"Forty years later, an angel appeared to him in the desert near Mount Sinai in the flame of a burning bush. 31 When Moses saw it, he was amazed at the sight, and as he drew near to look at it, the voice of the Lord came, 'I am the God of your fathers, the God of Abraham, of Isaac, and of Jacob.' Then Moses, trembling, did not dare to look at it. But the Lord said to him, 'Remove the sandals from your feet, for the place where you stand is holy ground. I have witnessed the affliction of my people in Egypt and have heard their groaning, and I have come down to rescue them. Come now, I will send you to Egypt.' This Moses, whom they had rejected with the words, 'Who appointed you ruler and judge?' God sent as (both) ruler and deliverer, through the angel who appeared to him in the bush. This man led them out, performing wonders and signs in the land of Egypt, at the Red Sea, and in the desert for forty years. It was this Moses who said to the Israelites, 'God will raise up for you, from among your own kinsfolk, a prophet like me.' It was he who, in the assembly in the desert, was with the angel who spoke to him on Mount Sinai and with our ancestors, and he received living utterances to hand on to us.
"Our ancestors were unwilling to obey him; instead, they pushed him aside and in their hearts turned back to Egypt, saying to Aaron, 'Make us gods who will be our leaders. As for that Moses who led us out of the land of Egypt, we do not know what has happened to him.' So they made a calf in those days, offered sacrifice to the idol, and reveled in the works of their hands. Then God turned and handed them over to worship the host of heaven, as it is written in the book of the prophets: 'Did you bring me sacrifices and offerings for forty years in the desert, O house of Israel? No, you took up the tent of Moloch and the star of (your) god Rephan, the images that you made to worship. So I shall take you into exile beyond Babylon.'
"Our ancestors had the tent of testimony in the desert just as the One who spoke to Moses directed him to make it according to the pattern he had seen. Our ancestors who inherited it brought it with Joshua when they dispossessed the nations that God drove out from before our ancestors, up to the time of David, who found favor in the sight of God and asked that he might find a dwelling place for the house of Jacob. But Solomon built a house for him. Yet the Most High does not dwell in houses made by human hands. As the prophet says: 'The heavens are my throne, the earth is my footstool. What kind of house can you build for me? says the Lord, or what is to be my resting place? Did not my hand make all these things?'
"You stiff-necked people, uncircumcised in heart and ears, you always oppose the holy Spirit; you are just like your ancestors. Which of the prophets did your ancestors not persecute? They put to death those who foretold the coming of the righteous one, whose betrayers and murderers you have now become. You received the law as transmitted by angels, but you did not observe it."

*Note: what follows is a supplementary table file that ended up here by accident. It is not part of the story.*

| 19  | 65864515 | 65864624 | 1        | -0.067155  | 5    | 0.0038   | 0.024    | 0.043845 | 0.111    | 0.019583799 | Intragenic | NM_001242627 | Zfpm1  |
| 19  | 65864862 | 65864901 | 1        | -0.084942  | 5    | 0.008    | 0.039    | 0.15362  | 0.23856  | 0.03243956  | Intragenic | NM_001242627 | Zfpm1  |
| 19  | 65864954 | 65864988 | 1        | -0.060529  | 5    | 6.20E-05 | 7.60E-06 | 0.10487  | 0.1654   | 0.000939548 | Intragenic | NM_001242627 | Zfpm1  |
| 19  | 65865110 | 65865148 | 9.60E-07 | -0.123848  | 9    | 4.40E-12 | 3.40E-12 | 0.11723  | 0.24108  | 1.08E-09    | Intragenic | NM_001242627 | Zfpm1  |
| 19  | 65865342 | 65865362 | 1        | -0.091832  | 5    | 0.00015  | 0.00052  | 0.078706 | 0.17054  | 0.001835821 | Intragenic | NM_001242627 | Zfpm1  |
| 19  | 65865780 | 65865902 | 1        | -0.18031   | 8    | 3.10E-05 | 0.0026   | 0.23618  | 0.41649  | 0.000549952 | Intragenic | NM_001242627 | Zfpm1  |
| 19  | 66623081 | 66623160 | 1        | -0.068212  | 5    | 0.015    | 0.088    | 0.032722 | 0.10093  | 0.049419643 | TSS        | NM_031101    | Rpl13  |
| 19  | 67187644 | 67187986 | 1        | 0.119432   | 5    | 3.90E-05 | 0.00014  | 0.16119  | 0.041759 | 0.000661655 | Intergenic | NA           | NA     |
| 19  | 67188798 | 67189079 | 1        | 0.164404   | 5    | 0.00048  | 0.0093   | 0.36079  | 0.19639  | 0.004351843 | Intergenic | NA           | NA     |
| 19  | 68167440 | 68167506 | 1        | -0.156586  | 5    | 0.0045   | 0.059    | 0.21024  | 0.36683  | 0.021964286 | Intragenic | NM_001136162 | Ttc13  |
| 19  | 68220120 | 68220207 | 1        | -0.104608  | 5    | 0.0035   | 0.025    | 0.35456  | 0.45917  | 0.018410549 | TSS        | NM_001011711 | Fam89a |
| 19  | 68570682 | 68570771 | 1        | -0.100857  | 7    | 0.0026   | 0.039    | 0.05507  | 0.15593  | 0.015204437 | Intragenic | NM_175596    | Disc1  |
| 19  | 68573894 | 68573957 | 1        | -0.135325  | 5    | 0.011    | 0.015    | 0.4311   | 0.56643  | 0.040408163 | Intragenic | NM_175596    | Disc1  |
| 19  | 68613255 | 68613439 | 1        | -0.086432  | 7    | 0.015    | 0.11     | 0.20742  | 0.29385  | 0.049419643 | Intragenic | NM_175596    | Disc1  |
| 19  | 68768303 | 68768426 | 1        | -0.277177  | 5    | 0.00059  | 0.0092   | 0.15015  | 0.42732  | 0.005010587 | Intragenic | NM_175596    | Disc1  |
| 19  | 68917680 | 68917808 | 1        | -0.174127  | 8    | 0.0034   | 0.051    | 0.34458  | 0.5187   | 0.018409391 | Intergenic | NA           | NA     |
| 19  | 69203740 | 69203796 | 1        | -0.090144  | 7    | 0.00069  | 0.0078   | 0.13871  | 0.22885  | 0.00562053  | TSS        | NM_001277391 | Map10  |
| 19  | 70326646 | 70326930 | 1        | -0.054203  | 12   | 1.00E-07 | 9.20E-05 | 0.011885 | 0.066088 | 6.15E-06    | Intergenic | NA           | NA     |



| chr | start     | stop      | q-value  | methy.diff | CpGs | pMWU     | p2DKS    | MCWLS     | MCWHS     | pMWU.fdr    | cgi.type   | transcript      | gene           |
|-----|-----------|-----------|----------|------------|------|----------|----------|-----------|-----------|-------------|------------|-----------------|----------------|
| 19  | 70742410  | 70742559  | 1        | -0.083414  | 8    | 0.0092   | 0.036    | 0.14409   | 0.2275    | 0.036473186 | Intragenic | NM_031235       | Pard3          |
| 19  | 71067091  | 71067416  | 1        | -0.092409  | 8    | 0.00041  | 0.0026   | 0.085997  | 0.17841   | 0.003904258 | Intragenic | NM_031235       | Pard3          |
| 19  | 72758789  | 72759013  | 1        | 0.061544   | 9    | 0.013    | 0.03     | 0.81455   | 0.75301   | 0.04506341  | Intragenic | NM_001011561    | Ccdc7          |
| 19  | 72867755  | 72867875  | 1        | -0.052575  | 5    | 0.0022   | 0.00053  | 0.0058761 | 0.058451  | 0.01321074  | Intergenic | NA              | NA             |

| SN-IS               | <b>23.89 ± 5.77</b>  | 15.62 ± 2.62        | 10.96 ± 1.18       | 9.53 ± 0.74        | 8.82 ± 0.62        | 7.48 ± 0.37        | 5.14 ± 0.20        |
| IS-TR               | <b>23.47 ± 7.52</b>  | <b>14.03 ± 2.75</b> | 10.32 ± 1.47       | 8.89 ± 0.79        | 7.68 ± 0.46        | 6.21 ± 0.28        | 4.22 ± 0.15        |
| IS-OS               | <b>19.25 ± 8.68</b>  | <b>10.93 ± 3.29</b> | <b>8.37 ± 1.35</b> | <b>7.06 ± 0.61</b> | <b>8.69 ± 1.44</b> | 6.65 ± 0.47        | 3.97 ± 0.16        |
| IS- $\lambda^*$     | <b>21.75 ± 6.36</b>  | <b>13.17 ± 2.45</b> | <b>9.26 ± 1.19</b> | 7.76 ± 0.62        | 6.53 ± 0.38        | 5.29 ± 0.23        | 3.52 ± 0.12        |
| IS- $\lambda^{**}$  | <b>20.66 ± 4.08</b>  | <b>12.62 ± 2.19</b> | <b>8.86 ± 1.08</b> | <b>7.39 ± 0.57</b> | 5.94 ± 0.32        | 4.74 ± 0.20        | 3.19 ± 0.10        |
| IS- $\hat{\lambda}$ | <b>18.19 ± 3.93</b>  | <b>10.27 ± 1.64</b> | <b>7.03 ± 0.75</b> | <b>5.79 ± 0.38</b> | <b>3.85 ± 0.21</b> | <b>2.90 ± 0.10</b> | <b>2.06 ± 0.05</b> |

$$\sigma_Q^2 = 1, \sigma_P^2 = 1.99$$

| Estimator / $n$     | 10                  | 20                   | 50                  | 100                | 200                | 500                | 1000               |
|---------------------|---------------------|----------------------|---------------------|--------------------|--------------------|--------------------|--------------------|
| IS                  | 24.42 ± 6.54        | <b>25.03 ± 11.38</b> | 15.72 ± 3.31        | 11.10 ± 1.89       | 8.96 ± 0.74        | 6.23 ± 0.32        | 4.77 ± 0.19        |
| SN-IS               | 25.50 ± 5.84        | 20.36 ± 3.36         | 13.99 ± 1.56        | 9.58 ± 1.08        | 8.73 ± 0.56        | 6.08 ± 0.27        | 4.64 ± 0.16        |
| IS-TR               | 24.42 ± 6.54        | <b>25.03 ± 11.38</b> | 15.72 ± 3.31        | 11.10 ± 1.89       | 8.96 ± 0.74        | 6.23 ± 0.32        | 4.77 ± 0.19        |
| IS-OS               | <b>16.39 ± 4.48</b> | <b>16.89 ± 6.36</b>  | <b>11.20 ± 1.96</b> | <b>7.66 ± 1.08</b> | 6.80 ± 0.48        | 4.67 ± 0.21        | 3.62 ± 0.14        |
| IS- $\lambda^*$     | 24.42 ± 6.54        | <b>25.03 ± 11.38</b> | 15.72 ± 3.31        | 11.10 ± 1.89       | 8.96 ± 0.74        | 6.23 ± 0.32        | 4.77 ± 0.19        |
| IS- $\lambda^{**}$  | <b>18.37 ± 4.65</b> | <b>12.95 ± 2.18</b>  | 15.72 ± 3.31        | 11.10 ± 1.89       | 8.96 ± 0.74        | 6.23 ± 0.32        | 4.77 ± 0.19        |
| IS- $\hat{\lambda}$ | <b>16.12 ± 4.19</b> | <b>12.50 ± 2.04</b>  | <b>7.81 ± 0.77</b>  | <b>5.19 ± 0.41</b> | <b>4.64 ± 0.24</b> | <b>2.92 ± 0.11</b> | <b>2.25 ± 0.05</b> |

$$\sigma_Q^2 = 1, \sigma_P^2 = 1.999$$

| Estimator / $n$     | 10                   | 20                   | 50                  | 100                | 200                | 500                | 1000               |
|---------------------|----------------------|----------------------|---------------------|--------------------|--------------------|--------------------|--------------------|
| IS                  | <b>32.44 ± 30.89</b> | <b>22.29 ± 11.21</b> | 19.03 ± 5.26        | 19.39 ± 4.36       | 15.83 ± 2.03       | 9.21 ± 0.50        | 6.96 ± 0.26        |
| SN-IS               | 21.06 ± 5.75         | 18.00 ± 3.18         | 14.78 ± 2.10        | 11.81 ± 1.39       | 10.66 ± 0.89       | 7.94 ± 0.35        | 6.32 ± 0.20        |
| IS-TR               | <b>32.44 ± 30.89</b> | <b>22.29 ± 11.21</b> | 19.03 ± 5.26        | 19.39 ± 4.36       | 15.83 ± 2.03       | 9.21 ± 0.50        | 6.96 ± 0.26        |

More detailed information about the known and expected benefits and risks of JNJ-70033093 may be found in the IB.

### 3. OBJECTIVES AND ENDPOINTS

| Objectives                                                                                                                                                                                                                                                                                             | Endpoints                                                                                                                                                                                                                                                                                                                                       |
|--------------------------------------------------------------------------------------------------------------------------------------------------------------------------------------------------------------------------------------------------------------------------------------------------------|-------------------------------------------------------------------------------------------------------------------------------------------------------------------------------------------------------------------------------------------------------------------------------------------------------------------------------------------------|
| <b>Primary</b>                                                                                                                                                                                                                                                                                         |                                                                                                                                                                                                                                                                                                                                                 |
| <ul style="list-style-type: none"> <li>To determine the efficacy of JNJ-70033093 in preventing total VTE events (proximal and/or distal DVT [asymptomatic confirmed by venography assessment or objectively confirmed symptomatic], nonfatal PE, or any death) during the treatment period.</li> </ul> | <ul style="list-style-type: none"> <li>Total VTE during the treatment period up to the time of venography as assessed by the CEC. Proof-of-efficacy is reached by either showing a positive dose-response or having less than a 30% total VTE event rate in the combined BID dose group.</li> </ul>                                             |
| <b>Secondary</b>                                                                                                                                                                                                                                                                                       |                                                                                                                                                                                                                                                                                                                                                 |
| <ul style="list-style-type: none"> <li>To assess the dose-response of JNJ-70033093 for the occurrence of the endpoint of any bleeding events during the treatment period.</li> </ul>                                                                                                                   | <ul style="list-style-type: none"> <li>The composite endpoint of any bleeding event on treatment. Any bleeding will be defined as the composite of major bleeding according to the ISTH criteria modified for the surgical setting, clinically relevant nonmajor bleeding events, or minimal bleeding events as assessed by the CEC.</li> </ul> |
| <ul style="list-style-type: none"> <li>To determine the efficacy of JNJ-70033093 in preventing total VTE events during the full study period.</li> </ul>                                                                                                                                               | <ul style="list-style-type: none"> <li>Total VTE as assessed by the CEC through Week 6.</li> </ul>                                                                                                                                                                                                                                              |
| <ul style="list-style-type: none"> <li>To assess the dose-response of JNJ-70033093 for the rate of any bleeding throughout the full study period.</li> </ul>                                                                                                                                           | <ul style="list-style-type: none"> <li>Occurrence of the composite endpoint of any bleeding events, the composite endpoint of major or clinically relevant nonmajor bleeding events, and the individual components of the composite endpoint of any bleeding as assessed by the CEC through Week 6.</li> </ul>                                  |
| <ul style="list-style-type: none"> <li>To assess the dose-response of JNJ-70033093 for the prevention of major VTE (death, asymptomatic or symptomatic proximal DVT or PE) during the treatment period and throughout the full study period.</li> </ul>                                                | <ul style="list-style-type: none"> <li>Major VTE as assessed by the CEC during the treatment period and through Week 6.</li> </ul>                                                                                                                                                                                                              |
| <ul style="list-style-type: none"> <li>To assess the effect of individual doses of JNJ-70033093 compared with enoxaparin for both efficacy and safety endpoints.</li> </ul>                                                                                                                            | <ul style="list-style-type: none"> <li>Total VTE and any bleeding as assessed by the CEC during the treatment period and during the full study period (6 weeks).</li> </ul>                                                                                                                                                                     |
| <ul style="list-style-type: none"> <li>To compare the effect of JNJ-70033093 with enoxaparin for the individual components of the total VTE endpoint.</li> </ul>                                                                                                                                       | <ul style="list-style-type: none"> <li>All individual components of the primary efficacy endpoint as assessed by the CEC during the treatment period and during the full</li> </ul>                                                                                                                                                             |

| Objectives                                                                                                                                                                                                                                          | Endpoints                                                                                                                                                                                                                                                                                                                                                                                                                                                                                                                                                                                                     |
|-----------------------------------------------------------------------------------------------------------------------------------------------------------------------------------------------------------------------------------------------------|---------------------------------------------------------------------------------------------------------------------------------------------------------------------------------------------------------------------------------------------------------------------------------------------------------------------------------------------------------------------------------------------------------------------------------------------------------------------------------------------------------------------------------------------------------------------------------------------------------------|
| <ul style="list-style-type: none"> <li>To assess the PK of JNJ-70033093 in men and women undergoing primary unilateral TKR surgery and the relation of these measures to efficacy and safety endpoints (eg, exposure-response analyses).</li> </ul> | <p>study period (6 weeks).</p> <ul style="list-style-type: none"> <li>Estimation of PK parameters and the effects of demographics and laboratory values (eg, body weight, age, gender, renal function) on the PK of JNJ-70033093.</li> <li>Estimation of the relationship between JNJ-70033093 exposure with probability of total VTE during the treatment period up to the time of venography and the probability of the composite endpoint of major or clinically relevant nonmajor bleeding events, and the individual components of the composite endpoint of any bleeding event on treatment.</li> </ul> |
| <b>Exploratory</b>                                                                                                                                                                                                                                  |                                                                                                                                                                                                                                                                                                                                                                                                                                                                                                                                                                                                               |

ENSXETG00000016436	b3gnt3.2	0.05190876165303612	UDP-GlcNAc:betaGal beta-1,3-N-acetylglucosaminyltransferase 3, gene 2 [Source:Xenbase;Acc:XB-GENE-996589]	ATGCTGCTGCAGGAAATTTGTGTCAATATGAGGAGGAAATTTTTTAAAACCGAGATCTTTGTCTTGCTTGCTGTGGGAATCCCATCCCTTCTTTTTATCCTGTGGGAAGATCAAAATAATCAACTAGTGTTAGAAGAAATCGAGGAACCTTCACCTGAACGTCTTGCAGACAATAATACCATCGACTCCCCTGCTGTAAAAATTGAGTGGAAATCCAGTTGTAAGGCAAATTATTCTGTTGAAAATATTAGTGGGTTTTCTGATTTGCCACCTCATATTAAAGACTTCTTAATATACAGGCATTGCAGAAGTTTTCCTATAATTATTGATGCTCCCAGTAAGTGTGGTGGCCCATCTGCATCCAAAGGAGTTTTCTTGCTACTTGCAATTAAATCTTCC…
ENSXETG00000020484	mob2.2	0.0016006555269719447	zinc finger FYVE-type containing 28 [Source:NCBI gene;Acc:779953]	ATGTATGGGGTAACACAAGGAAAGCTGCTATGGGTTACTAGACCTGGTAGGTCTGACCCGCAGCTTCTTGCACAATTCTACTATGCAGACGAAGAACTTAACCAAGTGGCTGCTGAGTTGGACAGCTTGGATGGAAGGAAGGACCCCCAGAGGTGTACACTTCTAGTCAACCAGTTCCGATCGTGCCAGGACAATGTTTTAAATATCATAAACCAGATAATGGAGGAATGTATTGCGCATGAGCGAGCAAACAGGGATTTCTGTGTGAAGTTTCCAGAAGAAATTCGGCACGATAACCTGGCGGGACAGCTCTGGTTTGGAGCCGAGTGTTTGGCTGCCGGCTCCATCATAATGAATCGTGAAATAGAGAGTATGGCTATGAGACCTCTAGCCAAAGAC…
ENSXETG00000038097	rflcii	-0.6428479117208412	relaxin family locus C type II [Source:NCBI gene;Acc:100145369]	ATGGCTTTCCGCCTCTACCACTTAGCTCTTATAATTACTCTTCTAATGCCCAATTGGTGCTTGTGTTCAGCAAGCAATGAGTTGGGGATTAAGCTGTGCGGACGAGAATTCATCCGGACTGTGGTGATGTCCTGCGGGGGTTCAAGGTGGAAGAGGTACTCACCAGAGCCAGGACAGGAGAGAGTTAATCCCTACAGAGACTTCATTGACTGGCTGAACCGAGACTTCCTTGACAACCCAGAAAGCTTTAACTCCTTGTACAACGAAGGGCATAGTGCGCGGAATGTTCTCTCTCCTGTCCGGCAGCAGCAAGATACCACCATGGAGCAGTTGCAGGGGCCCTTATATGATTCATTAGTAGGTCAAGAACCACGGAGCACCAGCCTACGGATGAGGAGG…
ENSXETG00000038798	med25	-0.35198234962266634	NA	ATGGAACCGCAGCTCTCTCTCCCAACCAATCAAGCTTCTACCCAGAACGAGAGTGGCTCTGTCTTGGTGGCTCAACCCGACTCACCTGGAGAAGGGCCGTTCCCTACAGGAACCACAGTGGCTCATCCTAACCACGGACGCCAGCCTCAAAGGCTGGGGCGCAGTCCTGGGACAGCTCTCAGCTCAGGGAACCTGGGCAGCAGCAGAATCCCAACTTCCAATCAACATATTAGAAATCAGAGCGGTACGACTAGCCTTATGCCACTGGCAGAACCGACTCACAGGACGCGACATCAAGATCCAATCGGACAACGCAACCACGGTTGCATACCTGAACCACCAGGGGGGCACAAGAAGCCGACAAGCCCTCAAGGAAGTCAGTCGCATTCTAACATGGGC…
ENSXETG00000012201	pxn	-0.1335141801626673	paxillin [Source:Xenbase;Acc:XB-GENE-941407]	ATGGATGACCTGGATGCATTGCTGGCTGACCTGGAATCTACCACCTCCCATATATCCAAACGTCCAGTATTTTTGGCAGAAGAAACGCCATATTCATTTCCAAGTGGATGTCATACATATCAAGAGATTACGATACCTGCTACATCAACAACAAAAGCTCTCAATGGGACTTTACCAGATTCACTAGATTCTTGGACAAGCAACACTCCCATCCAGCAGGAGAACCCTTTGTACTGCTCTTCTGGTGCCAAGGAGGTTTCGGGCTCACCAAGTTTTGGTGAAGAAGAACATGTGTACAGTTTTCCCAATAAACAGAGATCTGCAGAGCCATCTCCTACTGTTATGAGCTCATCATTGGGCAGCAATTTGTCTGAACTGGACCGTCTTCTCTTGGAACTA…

When they heard this, they were infuriated, and they ground their teeth at him.
But he, filled with the holy Spirit, looked up intently to heaven and saw the glory of God and Jesus standing at the right hand of God, and he said, "Behold, I see the heavens opened and the Son of Man standing at the right hand of God."
But they cried out in a loud voice, covered their ears, 4 and rushed upon him together. They threw him out of the city, and began to stone him. The witnesses laid down their cloaks at the feet of a young man named Saul. As they were stoning Stephen, he called out, "Lord Jesus, receive my spirit."
Then he fell to his knees and cried out in a loud voice, "Lord, do not hold this sin against them"; and when he said this, he fell asleep.
—Acts of the Apostles 6: 8-15, 7:1-60
The desired attributes of the bishop and deacon
This saying is trustworthy: whoever aspires to the office of bishop desires a noble task. Therefore, a bishop must be irreproachable, married only once, temperate, self-controlled, decent, hospitable, able to teach, not a drunkard, not aggressive, but gentle, not contentious, not a lover of money. He must manage his own household well, keeping his children under control with perfect dignity; for if a man does not know how to manage his own household, how can he take care of the church of God? He should not be a recent convert, so that he may not become conceited and thus incur the devil's punishment. He must also have a good reputation among outsiders, so that he may not fall into disgrace, the devil's trap.
Similarly, deacons must be dignified, not deceitful, not addicted to drink, not greedy for sordid gain, holding fast to the mystery of the faith with a clear conscience. Moreover, they should be tested first; then, if there is nothing against them, let them serve as deacons. Women, similarly, should be dignified, not slanderers, but temperate and faithful in everything. Deacons may be married only once and must manage their children and their households well. Thus those who serve well as deacons gain good standing and much confidence in their faith in Christ Jesus.
—1 Timothy 3:1-13